Can my football player “boyfriend” walk the straight and narrow for me? Or did I just get handed off from one heartbreaker to another?

* * *

Heartbreaker Handoff is an angsty, friends-to-lovers, forbidden romance featuring a sassy cheerleader, who’s about to be a single mother, and a criminally charming football player determined to prove he’s the man for her, one sizzling kiss at a time. Heartbreaker Handoff is a dual POV standalone in the USA Today-bestselling series Varsity Dads.

Tuesday, March 5, 2024

REVIEW: This Could Be Us by Kennedy Ryan


This Could Be Us has to be one of the most anticipated new releases of 2024, with good reason. Kennedy Ryan is a force, as evidenced by everything she's ever written; her novels immediately suck you in and hold you in their thrall until the very last word, and even at that last word, you find yourself hoping for more words, more pages, more chapters, more everything because you aren't quite ready to leave the world she's created. 

In the case of This Could Be Us, we get the story of Soledad and Judah--two people who would seem to never work, if for no other reason than how they find themselves entangled, but work so very well. But before we even get to know that, we get to know them...and that's one of the many reasons why I love Kennedy Ryan's novels. We get to really know Soledad and Judah; we get to see them develop, to see what they like and don't, to see how they work as themselves, by themselves, before we ever see them working together. By the time we see them together together, we love them and are dying for them to be together. DYING.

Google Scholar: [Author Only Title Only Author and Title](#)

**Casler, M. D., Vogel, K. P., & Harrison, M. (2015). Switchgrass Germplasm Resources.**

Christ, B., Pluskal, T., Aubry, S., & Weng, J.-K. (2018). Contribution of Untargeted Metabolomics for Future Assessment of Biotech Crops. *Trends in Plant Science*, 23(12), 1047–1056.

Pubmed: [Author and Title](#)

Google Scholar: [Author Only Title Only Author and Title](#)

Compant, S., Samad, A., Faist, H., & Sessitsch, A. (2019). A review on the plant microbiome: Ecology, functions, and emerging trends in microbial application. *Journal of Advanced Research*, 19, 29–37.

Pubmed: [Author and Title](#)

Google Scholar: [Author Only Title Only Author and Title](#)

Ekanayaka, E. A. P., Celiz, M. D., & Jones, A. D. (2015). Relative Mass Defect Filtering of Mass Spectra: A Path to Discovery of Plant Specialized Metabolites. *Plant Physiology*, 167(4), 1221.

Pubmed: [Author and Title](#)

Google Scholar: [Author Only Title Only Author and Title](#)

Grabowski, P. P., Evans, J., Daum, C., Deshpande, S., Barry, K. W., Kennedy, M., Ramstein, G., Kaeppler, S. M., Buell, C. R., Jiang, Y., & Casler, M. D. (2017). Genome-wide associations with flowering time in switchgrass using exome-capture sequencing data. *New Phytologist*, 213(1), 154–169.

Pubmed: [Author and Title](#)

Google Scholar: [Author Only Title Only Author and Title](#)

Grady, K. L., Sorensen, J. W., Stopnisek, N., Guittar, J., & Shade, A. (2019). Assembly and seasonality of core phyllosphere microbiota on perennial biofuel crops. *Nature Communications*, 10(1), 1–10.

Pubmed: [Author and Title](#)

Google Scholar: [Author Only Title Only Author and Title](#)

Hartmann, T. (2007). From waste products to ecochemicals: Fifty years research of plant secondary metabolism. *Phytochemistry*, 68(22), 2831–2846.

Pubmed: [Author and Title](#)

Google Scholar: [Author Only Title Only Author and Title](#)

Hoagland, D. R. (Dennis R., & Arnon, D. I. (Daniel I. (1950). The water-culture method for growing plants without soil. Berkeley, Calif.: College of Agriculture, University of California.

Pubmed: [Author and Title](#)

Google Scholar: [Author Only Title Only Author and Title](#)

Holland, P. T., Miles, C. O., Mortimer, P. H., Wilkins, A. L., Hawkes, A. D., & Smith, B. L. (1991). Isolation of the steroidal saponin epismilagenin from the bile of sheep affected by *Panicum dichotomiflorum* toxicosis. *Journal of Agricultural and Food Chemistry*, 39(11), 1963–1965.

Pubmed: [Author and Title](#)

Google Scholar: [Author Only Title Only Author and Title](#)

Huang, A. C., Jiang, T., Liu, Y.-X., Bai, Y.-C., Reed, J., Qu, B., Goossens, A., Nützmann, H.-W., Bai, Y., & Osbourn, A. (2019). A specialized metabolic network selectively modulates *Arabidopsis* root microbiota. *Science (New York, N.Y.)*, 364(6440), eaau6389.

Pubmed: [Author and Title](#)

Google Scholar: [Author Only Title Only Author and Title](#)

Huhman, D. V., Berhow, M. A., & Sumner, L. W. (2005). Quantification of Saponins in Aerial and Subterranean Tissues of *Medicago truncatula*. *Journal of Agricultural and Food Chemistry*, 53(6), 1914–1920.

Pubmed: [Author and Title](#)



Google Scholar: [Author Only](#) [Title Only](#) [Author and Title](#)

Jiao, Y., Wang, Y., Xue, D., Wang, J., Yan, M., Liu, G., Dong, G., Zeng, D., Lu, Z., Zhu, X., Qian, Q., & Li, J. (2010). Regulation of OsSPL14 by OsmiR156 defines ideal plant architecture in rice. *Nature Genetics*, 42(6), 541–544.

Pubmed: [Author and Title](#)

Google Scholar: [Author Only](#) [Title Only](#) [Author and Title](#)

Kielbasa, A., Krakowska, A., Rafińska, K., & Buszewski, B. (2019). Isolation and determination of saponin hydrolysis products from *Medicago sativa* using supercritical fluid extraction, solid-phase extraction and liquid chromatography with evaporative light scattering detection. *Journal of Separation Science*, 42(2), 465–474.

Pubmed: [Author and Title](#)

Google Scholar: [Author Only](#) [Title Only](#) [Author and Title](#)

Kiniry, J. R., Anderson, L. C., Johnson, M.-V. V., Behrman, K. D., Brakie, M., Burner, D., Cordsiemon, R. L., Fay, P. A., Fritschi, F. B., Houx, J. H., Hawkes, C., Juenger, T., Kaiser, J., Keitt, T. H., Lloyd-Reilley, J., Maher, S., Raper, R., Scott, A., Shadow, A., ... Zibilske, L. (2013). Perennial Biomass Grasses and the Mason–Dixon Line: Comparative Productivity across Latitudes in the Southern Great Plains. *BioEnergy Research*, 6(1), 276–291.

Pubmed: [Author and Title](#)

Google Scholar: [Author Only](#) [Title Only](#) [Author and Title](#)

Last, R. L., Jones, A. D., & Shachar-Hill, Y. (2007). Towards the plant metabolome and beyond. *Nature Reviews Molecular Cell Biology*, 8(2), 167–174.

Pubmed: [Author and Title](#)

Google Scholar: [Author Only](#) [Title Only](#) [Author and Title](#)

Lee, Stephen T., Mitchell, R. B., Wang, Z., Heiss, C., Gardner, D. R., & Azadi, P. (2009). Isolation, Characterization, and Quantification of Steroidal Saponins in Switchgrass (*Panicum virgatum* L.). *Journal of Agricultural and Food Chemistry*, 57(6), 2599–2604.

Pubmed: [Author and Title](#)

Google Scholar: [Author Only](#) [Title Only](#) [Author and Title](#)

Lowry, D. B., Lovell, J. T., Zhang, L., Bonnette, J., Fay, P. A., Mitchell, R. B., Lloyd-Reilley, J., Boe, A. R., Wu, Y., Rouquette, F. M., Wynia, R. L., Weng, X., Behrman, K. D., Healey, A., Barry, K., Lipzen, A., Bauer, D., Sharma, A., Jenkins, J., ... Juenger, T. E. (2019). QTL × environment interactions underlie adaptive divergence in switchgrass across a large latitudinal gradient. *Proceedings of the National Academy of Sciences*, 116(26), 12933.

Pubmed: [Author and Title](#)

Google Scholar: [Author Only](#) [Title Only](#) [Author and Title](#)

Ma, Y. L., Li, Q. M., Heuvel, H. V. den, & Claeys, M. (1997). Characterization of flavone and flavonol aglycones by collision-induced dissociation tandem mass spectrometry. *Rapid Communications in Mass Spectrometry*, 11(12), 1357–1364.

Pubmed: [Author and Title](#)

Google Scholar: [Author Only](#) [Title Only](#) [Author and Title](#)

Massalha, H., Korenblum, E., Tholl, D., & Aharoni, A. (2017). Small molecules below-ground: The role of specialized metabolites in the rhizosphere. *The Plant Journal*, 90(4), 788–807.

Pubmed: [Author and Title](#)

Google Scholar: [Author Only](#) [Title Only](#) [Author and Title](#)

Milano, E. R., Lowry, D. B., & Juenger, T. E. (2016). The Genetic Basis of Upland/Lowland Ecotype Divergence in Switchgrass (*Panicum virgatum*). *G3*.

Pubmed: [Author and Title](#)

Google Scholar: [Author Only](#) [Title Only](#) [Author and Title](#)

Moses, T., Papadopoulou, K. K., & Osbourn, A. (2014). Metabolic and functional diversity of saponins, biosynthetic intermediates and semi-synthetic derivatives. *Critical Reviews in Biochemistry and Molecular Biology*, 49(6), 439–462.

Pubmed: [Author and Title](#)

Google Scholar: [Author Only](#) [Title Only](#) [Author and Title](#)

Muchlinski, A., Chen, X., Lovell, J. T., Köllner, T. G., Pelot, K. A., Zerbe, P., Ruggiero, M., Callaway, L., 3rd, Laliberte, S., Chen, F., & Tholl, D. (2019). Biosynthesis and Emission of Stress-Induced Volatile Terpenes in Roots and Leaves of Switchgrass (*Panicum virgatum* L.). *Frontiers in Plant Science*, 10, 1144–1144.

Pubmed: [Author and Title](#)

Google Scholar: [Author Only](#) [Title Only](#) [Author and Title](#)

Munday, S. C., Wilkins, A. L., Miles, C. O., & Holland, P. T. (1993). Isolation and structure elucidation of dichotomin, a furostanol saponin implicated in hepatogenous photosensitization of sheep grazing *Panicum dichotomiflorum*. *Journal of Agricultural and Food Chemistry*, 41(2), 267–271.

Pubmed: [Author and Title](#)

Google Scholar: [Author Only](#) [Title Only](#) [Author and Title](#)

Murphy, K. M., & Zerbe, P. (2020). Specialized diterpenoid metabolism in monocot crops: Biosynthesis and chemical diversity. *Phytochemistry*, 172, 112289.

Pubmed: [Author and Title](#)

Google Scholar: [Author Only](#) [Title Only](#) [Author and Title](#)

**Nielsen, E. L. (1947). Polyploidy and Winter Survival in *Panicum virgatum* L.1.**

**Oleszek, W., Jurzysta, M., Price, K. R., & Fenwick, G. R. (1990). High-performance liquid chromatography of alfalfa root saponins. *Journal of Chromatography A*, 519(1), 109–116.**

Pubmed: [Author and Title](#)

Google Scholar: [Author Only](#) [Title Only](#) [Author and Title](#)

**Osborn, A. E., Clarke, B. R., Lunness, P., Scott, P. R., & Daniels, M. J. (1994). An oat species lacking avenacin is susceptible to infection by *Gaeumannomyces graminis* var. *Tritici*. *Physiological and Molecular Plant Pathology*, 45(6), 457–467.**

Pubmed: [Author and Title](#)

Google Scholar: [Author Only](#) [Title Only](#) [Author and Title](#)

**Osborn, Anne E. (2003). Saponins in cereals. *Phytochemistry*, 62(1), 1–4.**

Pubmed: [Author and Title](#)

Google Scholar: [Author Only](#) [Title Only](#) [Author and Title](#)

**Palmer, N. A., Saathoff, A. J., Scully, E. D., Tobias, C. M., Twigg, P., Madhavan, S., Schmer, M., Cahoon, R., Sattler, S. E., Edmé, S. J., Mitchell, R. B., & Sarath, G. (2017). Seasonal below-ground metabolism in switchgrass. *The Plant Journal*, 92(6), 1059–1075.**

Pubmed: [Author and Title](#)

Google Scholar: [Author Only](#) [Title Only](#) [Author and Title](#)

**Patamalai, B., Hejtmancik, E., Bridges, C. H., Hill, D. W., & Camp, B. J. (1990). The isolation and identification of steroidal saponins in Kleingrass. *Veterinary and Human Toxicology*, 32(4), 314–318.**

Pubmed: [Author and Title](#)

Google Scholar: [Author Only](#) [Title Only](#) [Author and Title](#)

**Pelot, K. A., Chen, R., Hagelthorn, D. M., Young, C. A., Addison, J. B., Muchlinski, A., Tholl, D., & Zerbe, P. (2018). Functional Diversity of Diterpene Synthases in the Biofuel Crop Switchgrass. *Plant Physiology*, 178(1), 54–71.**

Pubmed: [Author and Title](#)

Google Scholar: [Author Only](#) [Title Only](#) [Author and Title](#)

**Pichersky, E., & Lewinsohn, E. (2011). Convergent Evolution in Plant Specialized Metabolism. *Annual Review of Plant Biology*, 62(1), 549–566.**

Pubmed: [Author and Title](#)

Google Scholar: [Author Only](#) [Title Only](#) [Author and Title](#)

So what's so special about these two? Judah is the most amazing father, ex-husband/co-parent you can imagine. He's very involved in the care and loving of his children, considerate of the needs of others, and gives zero effs when it comes to things like the opinions of people who don't mean anything to him. He's strong and compassionate and just a completely evolved human being. I can't think of one thing I don't love about him. Likewise, Soledad is also an amazing mother; she's willing to do what it takes to secure normalcy and continuity for her daughters (after her scum of the earth husband/ex-husband does them dirty), while also treating them like humans--not shielding them from all the hard things, but not tainting them with ugliness either. She knows when to give and when to take. She listens and explores and ponders and takes the time to really know who she is and what she wants. She's strong and loving and empathetic and wonderful. She and Judah are really the perfect counterparts and I have no idea how Kennedy Ryan does this--she keeps creating the most perfectly imperfect, and therefore believable and loveable, characters.